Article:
It wasn’t the Dream Act, but it was still a dream come true.
Young illegal-immigrant New Yorkers lined up by the thousands yesterday to learn about the new federal program that could let them live and work in the United States legally without fear of deportation.
“It’s a great opportunity for lots of kids,” jubilant, Colombia-born Matthew Brown, 16, gushed about the so-called “deferred-action” policy, which went into effect yesterday.
“If I need help with financial aid, I can get it. I can get a driver’s license. I can travel outside of the country!” he said.
Brown was among more than 1,000 young people who waited hours on line to attend a workshop on the policy sponsored by immigration-reform groups at St. Mary’s Church on the Lower East Side.
“It’s worth it,” said Brown, who came to New York as a toddler and is a student at the High School for Mathematics, Science and Engineering in Hamilton Heights, Manhattan.
The policy — unveiled by President Obama in June after the more comprehensive immigration reform Dream Act didn’t get through Congress — can delay deportation and provide work permits under certain criteria.
To be eligible, immigrants have to have been under 31 as of June 15; have lived in the United States since June 15, 2007; have not been convicted of a felony or three or more misdemeanors; and not pose a threat to national security.
Like the others, Brown went through a screening process to make sure he was eligible, and was waiting to meet with a lawyer.
Cayetano Navarrete, 21, who emigrated from Mexico 12 years ago, also didn’t mind the wait.
“This is wonderful. Hopefully, I’m going to get the help I need here. I’ve been here for two hours in the rain. It means being treated as an equal, and no longer an outsider,” said Navarrete, a graphic-design student at Cooper Union who now hopes to apply for financial aid.
“This has been a long time coming!” said Chung-Wha Hong, executive director of the New York Immigration Coalition, which helped organize the workshop. “And what a joy it is to mobilize our resources and energy for something positive, after so many years of having to defend against one destructive policy after another.”
Earlier yesterday, young immigrants and advocates hailed deferred action at a rally at the US Citizenship and Immigration Services office in Long Island City.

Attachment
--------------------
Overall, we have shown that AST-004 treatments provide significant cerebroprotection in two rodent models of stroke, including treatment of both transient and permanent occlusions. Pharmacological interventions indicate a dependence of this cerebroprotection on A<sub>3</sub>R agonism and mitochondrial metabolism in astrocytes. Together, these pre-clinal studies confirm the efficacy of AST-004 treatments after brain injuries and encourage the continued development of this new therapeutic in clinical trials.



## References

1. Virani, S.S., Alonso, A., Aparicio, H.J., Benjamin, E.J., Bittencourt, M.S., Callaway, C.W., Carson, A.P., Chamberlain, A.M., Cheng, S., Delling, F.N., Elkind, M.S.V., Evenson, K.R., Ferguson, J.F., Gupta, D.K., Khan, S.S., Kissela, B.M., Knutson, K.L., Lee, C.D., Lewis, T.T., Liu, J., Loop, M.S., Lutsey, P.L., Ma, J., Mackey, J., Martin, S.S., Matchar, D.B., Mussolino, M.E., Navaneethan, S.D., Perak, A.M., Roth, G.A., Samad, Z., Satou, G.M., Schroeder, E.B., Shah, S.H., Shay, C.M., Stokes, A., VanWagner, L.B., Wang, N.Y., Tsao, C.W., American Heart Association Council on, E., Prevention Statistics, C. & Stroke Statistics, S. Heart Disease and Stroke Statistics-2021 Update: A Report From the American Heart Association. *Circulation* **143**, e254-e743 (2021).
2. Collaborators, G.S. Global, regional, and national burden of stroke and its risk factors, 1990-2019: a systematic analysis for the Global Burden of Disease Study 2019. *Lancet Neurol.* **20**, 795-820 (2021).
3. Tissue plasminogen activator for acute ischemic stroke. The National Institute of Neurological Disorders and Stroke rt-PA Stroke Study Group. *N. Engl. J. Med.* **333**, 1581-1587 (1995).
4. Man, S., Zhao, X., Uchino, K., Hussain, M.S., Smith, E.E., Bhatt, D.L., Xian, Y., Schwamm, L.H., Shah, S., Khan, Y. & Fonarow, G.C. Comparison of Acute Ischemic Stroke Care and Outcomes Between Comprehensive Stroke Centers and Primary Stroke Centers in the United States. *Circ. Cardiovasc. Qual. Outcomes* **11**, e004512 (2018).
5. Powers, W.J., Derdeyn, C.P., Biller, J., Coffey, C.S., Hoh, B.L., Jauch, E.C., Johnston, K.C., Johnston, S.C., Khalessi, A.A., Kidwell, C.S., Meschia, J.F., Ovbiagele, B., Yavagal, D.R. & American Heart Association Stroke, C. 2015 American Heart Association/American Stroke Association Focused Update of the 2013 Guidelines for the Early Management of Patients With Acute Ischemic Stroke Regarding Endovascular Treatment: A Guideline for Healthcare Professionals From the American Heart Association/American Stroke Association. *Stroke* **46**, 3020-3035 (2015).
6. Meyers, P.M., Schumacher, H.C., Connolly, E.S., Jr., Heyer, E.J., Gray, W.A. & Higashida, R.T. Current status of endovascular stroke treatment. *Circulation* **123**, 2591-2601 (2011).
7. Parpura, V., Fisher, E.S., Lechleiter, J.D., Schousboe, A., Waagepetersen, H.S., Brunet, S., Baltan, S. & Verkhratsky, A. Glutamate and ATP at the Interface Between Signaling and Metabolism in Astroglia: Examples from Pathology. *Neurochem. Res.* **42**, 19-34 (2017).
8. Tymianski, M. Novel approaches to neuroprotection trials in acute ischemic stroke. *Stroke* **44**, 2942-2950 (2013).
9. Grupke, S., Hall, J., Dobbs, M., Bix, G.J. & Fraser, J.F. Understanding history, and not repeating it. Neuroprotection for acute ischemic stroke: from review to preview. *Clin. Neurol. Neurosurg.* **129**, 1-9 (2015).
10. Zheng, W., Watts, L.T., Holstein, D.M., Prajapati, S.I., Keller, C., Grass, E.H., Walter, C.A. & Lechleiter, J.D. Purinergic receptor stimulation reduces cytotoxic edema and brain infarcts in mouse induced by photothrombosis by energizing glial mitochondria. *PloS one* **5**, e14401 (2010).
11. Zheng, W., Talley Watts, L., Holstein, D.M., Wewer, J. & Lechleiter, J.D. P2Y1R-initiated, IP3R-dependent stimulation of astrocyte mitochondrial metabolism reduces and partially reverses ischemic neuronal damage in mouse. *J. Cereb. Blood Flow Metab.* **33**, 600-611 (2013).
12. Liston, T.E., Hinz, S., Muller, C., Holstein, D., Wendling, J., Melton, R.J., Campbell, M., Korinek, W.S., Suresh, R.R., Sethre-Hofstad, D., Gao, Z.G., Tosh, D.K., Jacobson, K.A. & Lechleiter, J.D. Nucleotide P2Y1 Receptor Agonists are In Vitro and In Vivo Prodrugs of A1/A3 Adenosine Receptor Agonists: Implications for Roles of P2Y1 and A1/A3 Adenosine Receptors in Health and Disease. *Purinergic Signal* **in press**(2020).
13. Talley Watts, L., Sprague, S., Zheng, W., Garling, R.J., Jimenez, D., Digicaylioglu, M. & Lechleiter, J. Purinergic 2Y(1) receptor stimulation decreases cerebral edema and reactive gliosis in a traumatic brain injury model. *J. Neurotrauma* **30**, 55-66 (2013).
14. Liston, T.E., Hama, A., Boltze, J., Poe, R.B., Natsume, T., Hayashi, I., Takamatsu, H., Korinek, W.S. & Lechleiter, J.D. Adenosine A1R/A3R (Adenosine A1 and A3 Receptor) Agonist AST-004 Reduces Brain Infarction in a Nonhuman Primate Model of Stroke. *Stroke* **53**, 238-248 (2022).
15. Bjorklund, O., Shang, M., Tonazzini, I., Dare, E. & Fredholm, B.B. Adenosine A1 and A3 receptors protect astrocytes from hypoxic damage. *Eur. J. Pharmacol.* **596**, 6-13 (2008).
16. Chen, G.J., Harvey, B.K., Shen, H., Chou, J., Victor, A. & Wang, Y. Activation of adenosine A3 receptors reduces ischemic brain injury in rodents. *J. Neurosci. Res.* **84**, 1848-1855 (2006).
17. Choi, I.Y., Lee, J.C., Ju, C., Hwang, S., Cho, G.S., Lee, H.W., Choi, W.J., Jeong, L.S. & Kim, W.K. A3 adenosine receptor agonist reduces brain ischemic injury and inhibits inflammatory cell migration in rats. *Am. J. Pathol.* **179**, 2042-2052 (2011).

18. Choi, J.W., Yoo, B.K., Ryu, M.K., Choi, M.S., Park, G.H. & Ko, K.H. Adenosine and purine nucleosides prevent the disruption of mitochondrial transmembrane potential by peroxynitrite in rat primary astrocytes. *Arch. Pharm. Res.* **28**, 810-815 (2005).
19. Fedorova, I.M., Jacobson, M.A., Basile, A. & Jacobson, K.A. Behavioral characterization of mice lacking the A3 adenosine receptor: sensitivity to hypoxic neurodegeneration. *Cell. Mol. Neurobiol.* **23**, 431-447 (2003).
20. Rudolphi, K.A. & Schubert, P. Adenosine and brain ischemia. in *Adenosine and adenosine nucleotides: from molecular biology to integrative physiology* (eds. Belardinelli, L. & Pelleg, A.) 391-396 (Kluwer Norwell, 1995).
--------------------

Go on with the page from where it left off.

Katherine Tabares [member of Make the Road New York], 17, a native of Cali, Colombia, sporting a gray shirt with the words “I Am (Un)documented,” called it a historic day for Latinos and other immigrants. Many undocumented students today are going to be able to apply and actually have the opportunity to succeed and have their dreams accomplished,” she said.
A jubilant Antonio Alarcon [member of Make the Road New York], 18, a native of Veracruz, Mexico, who immigrated to the United States seven years ago was also at the rally.
“It’s just amazing for me!” the Queens resident exclaimed.
Alarcon, 18, a summer intern at the Spanish-language TV network Univision, will enter La Guardia Community College this fall and now has hopes of eventually landing a job in the US as a journalist.
“I am Mexican-American, but I feel this country is my country. too. I feel more American,” he said, adding that it will be a relief to be able to live openly and legally in his adopted country.
“I came here for a better life with my mother and my brother so we’d feel safe,” said Yenny Yanaylle [member of Make the Road New York], 20, a CUNY student from Queens who emigrated from Peru a decade ago and also attended the forum, which was sponsored by a coalition of immigrant advocates and Queens churches.
“My brother, my mother and I think we deserve a chance. We want the American dream!” she said.
Juan Fernandios, 30, a native of Chile now living in Corona, wants to pursue his studies so he can become a nurse or an EMT — and said deferred action could be the key to his new career.
“It makes me feel like crying, but crying happy. Being able to do the things that I wasn’t able to do before, going back to school,” Fernandios said.
Politicians at the event were elated.
“I believe that this is the opportunity for them to really have the resources so that they can come out of the shadows,” said Assemblyman Francisco Moya.
And Council Speaker Christine Quinn announced that the City Council has set aside some $3 million to provide legal assistance to help those eligible.
But the program has its critics, particularly Republicans in Congress who charge that it usurped their power and was a ploy by the Obama administration to attract Latino votes in November.
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